Threnodia Augustalis

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The Threnodia Augustalis is a 517-line occasional poem written by John Dryden to commemorate the death of Charles II in February 1685. The poem was "rushed into print" within a month. [1] The title is a reference to the classical threnody, a poem of mourning, and to Charles as a "new Augustus" [2] (see Augustan literature). It is subtitled "A Funeral-Pindarique Poem Sacred to the Happy Memory of King Charles II," and is one of several poems on the subject published at the time (see 1685 in poetry). [3]

John Dryden 17th-century English poet and playwright

John Dryden was an English poet, literary critic, translator, and playwright who was made England's first Poet Laureate in 1668.

Charles II of England King of England, Ireland and Scotland

Charles II was king of England, Scotland and Ireland. He was king of Scotland from 1649 until his deposition in 1651, and king of England, Scotland and Ireland from the restoration of the monarchy in 1660 until his death.

Threnody Song, hymn or poem of mourning

A threnody is a wailing ode, song, hymn or poem of mourning composed or performed as a memorial to a dead person. The term originates from the Greek word θρηνῳδία (threnoidia), from θρῆνος and ᾠδή, the latter ultimately from the Proto-Indo-European root *h₂weyd- that is also the precursor of such words as "ode", "tragedy", "comedy", "parody", "melody" and "rhapsody".

Although not one of Dryden's better-known works, the Threnodia is cited twice in The Oxford Dictionary of Quotations, [4] for "Mute and magnificent, without a tear" (stanza 2), and a couplet expressing nationalist sentiment (stanza 10):

Nationalism is a political, social, and economic ideology and movement characterized by the promotion of the interests of a particular nation, especially with the aim of gaining and maintaining the nation's sovereignty (self-governance) over its homeland. Nationalism holds that each nation should govern itself, free from outside interference (self-determination), that a nation is a natural and ideal basis for a polity, and that the nation is the only rightful source of political power. It further aims to build and maintain a single national identity—based on shared social characteristics such as culture, language, religion, politics, and belief in a shared singular history—and to promote national unity or solidarity. Nationalism, therefore, seeks to preserve and foster a nation's traditional culture, and cultural revivals have been associated with nationalist movements. It also encourages pride in national achievements, and is closely linked to patriotism. Nationalism is often combined with other ideologies, such as conservatism or socialism for example.

Freedom which in no other land will thrive,
Freedom an English subject's sole prerogative.

The Threnodia is marked by "the stately enthusiasm of the time," [5] but also lends itself to charges of bathos. [6] The English critic George Saintsbury noted that the poem "is not exempt from the faults of its kind; but it has merits which for that kind are decidedly unusual," and singles out a stanza that "adroitly at once praises and satirizes Charles's patronage of literary men" for its quality. [7]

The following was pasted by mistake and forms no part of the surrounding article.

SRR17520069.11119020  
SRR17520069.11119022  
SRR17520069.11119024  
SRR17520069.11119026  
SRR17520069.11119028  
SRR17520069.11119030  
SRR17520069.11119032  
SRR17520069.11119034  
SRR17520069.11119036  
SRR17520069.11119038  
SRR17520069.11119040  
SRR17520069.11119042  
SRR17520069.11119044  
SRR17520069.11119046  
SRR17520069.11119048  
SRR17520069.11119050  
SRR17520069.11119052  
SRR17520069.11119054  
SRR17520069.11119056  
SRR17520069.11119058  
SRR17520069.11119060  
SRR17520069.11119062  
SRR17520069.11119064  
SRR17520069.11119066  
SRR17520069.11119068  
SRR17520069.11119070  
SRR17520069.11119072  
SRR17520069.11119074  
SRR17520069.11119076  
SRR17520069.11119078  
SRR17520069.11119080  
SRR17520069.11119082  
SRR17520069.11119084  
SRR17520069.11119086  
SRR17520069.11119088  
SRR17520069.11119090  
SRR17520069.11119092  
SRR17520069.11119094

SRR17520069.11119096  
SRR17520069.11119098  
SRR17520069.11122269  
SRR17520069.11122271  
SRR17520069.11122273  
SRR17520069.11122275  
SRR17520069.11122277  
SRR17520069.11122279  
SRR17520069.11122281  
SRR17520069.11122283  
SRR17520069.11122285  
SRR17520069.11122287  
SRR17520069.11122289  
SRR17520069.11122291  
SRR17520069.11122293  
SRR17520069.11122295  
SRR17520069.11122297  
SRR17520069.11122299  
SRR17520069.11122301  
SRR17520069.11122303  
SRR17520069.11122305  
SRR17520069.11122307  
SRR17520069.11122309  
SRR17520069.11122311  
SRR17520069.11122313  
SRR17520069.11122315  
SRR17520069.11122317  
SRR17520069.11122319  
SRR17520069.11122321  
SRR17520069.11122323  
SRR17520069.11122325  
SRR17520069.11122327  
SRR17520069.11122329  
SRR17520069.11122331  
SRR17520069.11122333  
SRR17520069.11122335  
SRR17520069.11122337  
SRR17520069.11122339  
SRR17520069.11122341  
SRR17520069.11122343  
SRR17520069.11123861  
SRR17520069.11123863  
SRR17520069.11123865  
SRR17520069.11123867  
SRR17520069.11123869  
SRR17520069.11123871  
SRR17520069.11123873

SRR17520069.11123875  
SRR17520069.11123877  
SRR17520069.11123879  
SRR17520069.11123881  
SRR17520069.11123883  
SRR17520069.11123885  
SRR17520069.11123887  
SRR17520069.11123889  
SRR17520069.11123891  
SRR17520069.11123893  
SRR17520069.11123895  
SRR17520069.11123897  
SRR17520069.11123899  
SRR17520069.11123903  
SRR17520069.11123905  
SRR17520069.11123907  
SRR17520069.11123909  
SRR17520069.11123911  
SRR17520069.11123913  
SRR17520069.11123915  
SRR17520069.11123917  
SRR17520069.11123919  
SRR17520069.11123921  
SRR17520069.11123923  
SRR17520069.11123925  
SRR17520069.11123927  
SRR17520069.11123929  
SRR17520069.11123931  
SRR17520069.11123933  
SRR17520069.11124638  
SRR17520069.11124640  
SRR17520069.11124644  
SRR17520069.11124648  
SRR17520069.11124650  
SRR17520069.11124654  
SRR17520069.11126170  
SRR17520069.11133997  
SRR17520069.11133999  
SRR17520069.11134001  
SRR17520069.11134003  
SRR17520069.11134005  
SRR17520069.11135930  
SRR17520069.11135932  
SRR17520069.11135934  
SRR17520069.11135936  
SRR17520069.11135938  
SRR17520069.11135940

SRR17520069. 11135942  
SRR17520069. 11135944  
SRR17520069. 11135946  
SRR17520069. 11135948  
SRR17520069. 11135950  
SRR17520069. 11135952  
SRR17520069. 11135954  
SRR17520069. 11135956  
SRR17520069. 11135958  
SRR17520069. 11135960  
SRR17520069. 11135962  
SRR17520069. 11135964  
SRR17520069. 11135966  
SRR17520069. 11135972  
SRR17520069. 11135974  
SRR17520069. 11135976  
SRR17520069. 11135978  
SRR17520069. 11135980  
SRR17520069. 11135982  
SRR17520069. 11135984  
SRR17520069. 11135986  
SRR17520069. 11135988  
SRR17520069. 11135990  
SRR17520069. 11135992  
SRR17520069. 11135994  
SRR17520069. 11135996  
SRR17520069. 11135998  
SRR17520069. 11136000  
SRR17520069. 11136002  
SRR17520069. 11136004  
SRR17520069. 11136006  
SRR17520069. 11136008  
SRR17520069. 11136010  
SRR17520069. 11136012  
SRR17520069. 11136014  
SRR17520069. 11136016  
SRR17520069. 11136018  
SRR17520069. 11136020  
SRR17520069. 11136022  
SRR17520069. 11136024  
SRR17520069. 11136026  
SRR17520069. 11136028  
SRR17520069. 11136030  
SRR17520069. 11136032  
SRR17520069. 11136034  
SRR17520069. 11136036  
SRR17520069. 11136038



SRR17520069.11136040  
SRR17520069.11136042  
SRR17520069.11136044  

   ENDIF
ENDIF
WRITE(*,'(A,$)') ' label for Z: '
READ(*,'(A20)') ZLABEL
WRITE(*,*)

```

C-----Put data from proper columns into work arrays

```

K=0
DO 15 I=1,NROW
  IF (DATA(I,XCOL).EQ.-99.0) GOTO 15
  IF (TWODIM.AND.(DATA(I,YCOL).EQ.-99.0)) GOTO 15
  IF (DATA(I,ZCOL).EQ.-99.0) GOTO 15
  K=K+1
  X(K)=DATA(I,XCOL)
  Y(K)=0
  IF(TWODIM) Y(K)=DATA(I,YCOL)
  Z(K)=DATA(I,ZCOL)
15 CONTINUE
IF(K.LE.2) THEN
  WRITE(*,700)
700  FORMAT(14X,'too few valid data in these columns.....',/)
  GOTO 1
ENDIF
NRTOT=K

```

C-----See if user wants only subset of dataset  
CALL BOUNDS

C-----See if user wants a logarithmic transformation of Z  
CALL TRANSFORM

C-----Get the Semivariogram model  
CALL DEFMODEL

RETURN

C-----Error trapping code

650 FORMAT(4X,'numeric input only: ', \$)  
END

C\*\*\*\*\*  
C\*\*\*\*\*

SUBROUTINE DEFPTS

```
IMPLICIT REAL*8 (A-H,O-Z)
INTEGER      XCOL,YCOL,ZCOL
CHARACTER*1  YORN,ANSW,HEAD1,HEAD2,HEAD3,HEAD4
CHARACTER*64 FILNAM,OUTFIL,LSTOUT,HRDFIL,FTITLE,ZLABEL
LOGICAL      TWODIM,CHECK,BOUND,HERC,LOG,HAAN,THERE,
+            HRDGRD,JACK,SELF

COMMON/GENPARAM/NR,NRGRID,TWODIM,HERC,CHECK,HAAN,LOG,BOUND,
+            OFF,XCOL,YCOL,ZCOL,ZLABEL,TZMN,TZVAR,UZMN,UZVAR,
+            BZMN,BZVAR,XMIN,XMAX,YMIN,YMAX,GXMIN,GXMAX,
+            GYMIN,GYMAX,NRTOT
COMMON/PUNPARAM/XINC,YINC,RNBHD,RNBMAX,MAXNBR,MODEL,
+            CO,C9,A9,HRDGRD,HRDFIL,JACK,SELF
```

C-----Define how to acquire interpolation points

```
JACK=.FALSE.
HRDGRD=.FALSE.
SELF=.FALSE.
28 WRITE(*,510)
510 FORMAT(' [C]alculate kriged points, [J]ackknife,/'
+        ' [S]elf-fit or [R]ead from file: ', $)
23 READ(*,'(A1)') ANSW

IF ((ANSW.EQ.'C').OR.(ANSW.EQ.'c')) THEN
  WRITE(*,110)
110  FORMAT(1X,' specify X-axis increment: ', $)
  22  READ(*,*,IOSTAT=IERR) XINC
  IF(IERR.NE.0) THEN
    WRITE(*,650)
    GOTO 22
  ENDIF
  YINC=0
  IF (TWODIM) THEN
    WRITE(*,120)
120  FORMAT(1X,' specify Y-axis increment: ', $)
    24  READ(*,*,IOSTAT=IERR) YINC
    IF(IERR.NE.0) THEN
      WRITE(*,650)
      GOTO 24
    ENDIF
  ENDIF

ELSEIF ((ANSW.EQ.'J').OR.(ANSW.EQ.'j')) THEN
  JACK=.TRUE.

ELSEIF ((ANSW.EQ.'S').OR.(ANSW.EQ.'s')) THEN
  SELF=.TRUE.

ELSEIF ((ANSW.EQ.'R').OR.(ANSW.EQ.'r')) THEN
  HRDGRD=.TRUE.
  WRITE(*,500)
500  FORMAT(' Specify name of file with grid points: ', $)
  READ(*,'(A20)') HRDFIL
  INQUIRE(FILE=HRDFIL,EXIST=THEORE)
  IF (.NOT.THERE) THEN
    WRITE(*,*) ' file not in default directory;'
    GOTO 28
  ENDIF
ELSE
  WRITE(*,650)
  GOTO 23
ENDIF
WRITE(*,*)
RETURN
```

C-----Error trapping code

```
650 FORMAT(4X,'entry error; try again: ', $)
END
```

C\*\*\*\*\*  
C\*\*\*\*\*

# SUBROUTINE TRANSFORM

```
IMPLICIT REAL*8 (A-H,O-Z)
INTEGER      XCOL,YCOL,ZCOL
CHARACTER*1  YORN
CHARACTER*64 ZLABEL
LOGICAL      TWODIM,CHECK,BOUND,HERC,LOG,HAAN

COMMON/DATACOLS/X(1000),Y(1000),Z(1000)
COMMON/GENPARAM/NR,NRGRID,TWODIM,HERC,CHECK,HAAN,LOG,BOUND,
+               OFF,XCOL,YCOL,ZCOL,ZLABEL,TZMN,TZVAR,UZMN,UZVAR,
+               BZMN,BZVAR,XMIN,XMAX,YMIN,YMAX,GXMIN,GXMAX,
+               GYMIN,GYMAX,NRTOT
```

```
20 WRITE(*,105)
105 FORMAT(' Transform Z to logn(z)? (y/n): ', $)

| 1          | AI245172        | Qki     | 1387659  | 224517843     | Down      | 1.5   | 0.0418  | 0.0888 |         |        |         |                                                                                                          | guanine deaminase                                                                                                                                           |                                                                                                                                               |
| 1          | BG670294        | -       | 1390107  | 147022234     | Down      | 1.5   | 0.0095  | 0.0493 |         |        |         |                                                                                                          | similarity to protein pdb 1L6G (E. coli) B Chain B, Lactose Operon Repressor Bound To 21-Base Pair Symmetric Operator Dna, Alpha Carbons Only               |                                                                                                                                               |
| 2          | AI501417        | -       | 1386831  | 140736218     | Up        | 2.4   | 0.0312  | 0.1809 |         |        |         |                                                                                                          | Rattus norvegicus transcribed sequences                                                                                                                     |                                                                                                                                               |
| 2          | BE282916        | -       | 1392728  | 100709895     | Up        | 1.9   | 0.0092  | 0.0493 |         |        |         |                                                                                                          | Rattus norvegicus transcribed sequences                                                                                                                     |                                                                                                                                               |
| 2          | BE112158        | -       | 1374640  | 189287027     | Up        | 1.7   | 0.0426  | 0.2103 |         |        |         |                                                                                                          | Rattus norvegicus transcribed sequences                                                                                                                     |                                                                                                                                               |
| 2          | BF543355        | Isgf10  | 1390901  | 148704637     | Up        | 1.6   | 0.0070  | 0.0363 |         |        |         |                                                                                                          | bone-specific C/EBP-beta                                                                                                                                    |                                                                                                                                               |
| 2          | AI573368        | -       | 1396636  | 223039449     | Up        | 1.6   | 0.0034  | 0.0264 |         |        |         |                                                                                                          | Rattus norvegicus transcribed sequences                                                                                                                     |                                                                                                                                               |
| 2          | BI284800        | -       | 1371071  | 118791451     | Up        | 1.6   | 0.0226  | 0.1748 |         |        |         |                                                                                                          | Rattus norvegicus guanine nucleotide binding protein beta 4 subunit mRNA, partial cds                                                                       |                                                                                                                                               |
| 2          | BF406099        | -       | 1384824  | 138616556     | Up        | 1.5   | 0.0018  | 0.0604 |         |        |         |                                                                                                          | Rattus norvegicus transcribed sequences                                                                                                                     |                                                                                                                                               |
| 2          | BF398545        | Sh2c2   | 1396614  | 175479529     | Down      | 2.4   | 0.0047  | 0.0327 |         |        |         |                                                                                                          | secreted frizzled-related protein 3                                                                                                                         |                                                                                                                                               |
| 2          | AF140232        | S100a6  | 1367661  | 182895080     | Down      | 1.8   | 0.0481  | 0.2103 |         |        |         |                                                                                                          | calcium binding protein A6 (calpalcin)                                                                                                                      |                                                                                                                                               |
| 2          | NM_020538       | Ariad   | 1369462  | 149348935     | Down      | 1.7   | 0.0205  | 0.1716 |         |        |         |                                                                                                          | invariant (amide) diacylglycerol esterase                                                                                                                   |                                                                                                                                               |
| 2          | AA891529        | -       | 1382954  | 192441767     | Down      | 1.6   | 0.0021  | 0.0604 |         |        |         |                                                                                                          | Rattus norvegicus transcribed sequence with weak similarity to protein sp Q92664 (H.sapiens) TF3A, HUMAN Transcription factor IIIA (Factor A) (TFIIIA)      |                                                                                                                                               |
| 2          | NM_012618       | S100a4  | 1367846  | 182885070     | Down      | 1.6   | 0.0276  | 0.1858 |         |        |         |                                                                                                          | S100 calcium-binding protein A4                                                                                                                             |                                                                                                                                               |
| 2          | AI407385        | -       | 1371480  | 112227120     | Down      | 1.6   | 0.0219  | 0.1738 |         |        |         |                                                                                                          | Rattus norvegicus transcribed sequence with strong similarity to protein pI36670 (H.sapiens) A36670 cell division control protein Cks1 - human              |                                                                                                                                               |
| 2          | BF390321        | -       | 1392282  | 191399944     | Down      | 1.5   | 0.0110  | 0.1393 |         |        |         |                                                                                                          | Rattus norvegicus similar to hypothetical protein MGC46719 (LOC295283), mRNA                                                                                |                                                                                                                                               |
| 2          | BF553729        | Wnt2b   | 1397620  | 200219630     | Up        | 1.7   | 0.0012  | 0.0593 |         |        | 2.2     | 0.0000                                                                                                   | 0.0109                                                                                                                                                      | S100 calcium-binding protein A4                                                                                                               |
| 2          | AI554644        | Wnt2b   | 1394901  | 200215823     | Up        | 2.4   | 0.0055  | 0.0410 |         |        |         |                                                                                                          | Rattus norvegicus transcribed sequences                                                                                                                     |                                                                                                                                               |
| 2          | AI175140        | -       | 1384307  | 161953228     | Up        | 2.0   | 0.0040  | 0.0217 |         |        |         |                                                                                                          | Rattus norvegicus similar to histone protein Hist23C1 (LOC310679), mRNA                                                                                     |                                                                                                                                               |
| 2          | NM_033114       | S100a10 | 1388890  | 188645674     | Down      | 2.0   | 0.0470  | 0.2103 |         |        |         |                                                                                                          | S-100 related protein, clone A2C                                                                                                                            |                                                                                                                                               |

Bathos is a literary term, coined by Alexander Pope in his 1727 essay "Peri Bathous", to describe amusingly failed attempts at sublimity. In particular, bathos is associated with anticlimax, an abrupt transition from a lofty style or grand topic to a common or vulgar one. This may be either accidental or intentional. Intentional bathos appears in satirical genres such as burlesque and mock epic. "Bathos" or "bathetic" is also used for similar effects in other branches of the arts, such as musical passages marked ridicolosamente. In film, bathos may appear in a contrast cut intended for comic relief or be produced by an accidental jump cut.

George Saintsbury British literary critic

George Edward Bateman Saintsbury, FBA, was an English writer, literary historian, scholar, critic and wine connoisseur.

As indicated by its subtitle, the poem exhibits metrical complexities in imitation of a pindaric ode, that is, the structurally intricate poetry of the Greek lyric poet Pindar. The stanzas are irregular, and both line length and the rhyming pattern vary. Early editions misunderstood the pindaric vagaries of the Threnodia and are sometimes erratic in using indentation to indicate metrical units. [8] In its first year alone, the poem went through three London editions and one Dublin edition. [9]

An ode is a type of lyrical stanza. It is an elaborately structured poem praising or glorifying an event or individual, describing nature intellectually as well as emotionally. A classic ode is structured in three major parts: the strophe, the antistrophe, and the epode. Different forms such as the homostrophic ode and the irregular ode also exist.

Ancient Greek literature Literature written in Ancient Greek language

Ancient Greek literature refers to literature written in the Ancient Greek language from the earliest texts until the time of the Byzantine Empire. The earliest surviving works of ancient Greek literature, dating back to the early Archaic period, are the two epic poems The Iliad and The Odyssey, set in the Mycenaean era. These two epics, along with the Homeric Hymns and the two poems of Hesiod, Theogony and Works and Days, comprised the major foundations of the Greek literary tradition that would continue into the Classical, Hellenistic, and Roman periods.

Pindar Ancient Greek lyric poet from Thebes

Pindar was an Ancient Greek lyric poet from Thebes. Of the canonical nine lyric poets of ancient Greece, his work is the best preserved. Quintilian wrote, "Of the nine lyric poets, Pindar is by far the greatest, in virtue of his inspired magnificence, the beauty of his thoughts and figures, the rich exuberance of his language and matter, and his rolling flood of eloquence, characteristics which, as Horace rightly held, make him inimitable." His poems can also, however, seem difficult and even peculiar. The Athenian comic playwright Eupolis once remarked that they "are already reduced to silence by the disinclination of the multitude for elegant learning". Some scholars in the modern age also found his poetry perplexing, at least until the 1896 discovery of some poems by his rival Bacchylides; comparisons of their work showed that many of Pindar's idiosyncrasies are typical of archaic genres rather than of only the poet himself. His poetry, while admired by critics, still challenges the casual reader and his work is largely unread among the general public.